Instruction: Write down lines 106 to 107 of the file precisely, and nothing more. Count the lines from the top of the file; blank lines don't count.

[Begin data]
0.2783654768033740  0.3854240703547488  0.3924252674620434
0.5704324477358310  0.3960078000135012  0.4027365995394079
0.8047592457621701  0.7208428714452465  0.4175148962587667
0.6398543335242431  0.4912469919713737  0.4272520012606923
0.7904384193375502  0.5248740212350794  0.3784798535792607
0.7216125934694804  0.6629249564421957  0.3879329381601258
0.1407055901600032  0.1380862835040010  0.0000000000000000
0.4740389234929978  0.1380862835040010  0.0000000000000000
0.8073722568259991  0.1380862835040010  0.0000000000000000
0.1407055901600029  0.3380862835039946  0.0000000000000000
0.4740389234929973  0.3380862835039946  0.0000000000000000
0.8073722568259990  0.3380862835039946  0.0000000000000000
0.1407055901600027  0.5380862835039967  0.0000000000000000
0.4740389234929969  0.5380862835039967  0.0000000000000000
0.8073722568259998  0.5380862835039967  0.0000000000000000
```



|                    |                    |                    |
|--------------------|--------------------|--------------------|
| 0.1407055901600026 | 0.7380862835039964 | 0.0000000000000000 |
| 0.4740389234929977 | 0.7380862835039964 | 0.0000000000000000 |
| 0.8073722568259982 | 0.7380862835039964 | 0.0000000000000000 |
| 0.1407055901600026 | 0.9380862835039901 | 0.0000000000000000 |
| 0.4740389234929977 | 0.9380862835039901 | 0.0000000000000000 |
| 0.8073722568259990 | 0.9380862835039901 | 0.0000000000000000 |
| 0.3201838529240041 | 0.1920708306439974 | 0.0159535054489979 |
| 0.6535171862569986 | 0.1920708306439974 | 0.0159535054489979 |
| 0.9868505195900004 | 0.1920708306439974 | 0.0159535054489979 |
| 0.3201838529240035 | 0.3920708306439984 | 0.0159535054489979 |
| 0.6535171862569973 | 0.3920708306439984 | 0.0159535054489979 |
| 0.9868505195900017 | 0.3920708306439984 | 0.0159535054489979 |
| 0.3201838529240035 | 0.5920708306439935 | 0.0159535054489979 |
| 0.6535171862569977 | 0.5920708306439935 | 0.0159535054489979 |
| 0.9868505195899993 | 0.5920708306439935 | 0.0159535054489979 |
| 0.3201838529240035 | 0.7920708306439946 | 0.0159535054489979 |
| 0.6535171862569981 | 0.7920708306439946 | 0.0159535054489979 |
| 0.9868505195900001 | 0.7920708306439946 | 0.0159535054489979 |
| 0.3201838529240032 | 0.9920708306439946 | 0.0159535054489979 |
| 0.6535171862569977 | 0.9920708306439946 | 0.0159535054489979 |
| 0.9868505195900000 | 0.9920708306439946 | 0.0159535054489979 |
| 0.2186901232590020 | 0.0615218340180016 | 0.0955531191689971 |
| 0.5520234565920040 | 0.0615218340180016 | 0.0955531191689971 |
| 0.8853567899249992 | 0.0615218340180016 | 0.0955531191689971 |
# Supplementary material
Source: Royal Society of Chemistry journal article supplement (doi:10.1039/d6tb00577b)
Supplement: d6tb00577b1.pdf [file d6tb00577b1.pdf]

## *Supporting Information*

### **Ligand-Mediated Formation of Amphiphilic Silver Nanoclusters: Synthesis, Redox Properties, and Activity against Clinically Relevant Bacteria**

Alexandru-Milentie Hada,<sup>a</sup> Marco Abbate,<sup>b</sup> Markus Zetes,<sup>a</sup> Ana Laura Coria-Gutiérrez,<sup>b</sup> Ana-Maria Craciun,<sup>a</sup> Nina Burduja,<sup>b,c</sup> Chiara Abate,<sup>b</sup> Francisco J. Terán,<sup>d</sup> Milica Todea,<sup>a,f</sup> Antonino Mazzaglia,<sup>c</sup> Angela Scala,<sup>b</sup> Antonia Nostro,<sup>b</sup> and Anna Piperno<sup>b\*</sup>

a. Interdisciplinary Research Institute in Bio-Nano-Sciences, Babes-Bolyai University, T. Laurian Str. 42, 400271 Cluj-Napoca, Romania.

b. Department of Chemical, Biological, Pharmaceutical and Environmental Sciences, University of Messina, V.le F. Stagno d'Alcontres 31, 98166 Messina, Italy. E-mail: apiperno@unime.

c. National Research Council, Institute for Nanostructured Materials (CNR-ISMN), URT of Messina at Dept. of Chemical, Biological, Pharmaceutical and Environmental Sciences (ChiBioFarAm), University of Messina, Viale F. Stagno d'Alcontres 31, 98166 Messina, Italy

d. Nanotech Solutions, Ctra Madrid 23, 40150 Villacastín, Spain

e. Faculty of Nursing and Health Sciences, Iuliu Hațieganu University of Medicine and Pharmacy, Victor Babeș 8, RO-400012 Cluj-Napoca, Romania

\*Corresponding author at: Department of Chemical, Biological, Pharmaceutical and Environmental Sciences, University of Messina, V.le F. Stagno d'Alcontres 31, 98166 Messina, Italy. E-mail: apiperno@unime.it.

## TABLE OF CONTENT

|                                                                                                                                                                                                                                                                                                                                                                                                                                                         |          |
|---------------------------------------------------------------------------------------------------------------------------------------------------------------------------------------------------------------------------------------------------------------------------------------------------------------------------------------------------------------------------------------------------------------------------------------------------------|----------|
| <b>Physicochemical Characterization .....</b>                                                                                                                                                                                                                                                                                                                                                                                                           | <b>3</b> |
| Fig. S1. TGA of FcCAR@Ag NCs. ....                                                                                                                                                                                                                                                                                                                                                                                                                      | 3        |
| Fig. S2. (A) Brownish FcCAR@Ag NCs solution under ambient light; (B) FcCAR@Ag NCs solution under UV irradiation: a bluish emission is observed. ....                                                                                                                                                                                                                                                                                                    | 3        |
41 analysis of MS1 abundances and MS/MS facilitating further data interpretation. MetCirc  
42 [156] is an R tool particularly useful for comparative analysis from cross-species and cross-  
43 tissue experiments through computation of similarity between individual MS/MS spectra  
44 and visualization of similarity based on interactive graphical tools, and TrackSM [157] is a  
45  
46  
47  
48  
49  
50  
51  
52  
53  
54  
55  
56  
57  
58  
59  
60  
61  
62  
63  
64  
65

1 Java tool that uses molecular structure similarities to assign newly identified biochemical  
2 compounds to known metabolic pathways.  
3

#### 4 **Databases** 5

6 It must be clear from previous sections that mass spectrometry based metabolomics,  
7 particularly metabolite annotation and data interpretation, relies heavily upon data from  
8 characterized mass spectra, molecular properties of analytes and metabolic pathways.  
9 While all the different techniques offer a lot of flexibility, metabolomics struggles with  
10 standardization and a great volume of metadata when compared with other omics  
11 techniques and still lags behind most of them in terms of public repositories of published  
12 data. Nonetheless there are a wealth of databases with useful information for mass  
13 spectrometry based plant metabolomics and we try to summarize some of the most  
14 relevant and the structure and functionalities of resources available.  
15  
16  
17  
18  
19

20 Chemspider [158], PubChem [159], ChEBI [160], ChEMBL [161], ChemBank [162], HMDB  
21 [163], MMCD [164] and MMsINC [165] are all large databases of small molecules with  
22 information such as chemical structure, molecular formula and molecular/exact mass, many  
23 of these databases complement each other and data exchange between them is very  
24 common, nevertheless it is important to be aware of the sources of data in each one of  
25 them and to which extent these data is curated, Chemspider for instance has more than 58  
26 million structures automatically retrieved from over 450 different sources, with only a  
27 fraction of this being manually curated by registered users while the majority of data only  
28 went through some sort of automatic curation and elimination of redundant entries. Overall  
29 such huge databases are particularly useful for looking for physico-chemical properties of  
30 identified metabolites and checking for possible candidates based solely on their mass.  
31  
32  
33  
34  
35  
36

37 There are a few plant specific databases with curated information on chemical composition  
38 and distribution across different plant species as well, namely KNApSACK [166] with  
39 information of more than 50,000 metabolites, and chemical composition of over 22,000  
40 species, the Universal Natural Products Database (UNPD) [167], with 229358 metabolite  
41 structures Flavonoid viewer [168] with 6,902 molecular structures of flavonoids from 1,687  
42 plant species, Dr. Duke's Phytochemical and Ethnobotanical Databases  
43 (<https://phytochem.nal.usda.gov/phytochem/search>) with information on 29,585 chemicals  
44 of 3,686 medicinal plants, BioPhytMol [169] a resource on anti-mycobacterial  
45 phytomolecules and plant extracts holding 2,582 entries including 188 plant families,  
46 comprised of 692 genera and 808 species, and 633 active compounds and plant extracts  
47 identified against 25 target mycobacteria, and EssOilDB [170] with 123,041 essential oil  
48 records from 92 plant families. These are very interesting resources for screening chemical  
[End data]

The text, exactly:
22 information such as chemical structure, molecular formula and molecular/exact mass, many  
23 of these databases complement each other and data exchange between them is very  